Venafi added an ability to prevent unauthorized code from running in IT environments that make use of its machine identity management platform.
Shivajee Samdarshi, chief product officer at Venafi, said the Stop Unauthorized Code Solution leverages the company’s CodeSign Protect offering to ensure that only authorized code can run on any given platform.
The overall goal is to enable organizations to better secure their software supply chains using a zero-trust approach to software based on identity management and code signing to verify software comes from an approved source and complies with policy controls, he added.
All code is signed using private digital certificates or those issued by trusted certificate authorities, said Samdarshi. Before code can execute, the security platforms an organization has in place can be configured to check that digital signature against trusted code signing certificates, he noted.
Interest in securing software supply chains has risen sharply since the Biden administration issued an executive order requiring federal agencies to implement a range of measures, including code signing, to achieve that goal. However, securing software chains is often more challenging than organizations initially appreciate.
In fact, a recent Venafi survey found that 70% of security and IT leaders believe that software supply chain attacks are their biggest security blind spot. Additionally, 85% believe that continuous security validation of the CI/CD pipeline is vital to reduce the risk of vulnerabilities going undetected during the software development lifecycle. A full 88% said they believe machine identity management is essential to the success of zero-trust models that are being more widely adopted across enterprise IT environments.
Arguably, the most important thing organizations need to focus on is making sure application developers and cybersecurity professionals develop a working relationship. The biggest barrier to the adoption of DevSecOps best practices required to secure software supply chains remains largely cultural. For more years than anyone cares to admit, many developers have viewed cybersecurity more as a hindrance to application development that needs to be overcome or circumvented rather than being a core aspect of a quality assurance process. The total number of vulnerabilities that exist in applications running in production environments could likely be measured in the billions.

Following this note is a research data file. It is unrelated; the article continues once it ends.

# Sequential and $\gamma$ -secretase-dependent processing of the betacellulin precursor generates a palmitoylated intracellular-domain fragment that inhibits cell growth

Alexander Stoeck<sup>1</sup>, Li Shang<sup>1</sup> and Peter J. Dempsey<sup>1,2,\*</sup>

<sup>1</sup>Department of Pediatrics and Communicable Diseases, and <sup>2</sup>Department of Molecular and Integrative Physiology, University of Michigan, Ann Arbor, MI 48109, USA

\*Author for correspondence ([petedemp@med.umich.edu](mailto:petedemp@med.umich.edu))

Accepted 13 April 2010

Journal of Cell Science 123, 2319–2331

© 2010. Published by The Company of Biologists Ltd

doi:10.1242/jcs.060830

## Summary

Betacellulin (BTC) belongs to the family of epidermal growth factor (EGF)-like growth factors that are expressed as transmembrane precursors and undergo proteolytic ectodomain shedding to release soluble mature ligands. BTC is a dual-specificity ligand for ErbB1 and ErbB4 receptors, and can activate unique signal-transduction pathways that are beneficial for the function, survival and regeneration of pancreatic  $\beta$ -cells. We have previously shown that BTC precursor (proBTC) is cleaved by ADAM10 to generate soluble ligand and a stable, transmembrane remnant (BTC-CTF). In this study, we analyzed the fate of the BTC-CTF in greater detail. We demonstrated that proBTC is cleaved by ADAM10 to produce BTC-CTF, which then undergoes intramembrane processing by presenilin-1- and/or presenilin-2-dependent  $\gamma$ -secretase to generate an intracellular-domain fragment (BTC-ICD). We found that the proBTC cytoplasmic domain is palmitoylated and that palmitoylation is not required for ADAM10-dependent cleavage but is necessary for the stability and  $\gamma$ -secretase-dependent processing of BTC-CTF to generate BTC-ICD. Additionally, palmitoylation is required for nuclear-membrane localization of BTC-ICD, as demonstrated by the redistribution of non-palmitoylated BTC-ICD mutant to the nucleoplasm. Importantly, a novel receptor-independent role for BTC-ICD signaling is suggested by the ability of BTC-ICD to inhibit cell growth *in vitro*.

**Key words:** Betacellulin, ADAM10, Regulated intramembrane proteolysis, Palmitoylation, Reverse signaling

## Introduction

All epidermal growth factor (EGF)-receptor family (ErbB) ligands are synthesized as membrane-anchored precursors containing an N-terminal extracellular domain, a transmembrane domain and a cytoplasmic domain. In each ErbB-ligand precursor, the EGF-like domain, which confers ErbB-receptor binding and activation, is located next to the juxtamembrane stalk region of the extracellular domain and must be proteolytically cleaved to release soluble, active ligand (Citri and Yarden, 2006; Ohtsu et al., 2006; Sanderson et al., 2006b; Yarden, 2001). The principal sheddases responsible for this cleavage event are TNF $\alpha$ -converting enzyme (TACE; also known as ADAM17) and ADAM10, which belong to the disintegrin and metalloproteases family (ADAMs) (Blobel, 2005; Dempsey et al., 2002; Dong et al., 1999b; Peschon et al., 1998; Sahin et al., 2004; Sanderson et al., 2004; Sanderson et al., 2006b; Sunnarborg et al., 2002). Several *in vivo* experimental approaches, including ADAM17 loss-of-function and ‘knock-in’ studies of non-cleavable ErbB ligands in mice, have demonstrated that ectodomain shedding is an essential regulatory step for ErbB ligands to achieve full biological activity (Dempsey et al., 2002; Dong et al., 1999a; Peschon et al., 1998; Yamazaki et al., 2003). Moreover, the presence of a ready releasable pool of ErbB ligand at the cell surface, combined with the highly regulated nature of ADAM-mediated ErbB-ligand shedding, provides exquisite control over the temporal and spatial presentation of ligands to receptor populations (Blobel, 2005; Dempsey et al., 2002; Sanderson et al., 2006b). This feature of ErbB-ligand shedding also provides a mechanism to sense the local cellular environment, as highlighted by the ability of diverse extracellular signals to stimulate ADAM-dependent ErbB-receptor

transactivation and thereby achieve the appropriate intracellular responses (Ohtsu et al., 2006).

Remediating all those vulnerabilities may never be practical, but at the very least, DevSecOps teams could make sure that no new code containing vulnerabilities is allowed to execute. Cybercriminals have become especially adept at inserting malware into code that they hope will find its way into any number of downstream applications before they activate it. That capability alone should help mollify cybersecurity teams that are increasingly being tasked with improving software supply chain security. The challenge is those cybersecurity teams don’t always appreciate the impact new policies can have on the pace at which applications are developed and deployed.
Like it or not, software supply chains will generally be more secure in 2024. The only thing that remains to be determined is how much friction will be injected into DevSecOps workflows to achieve that goal.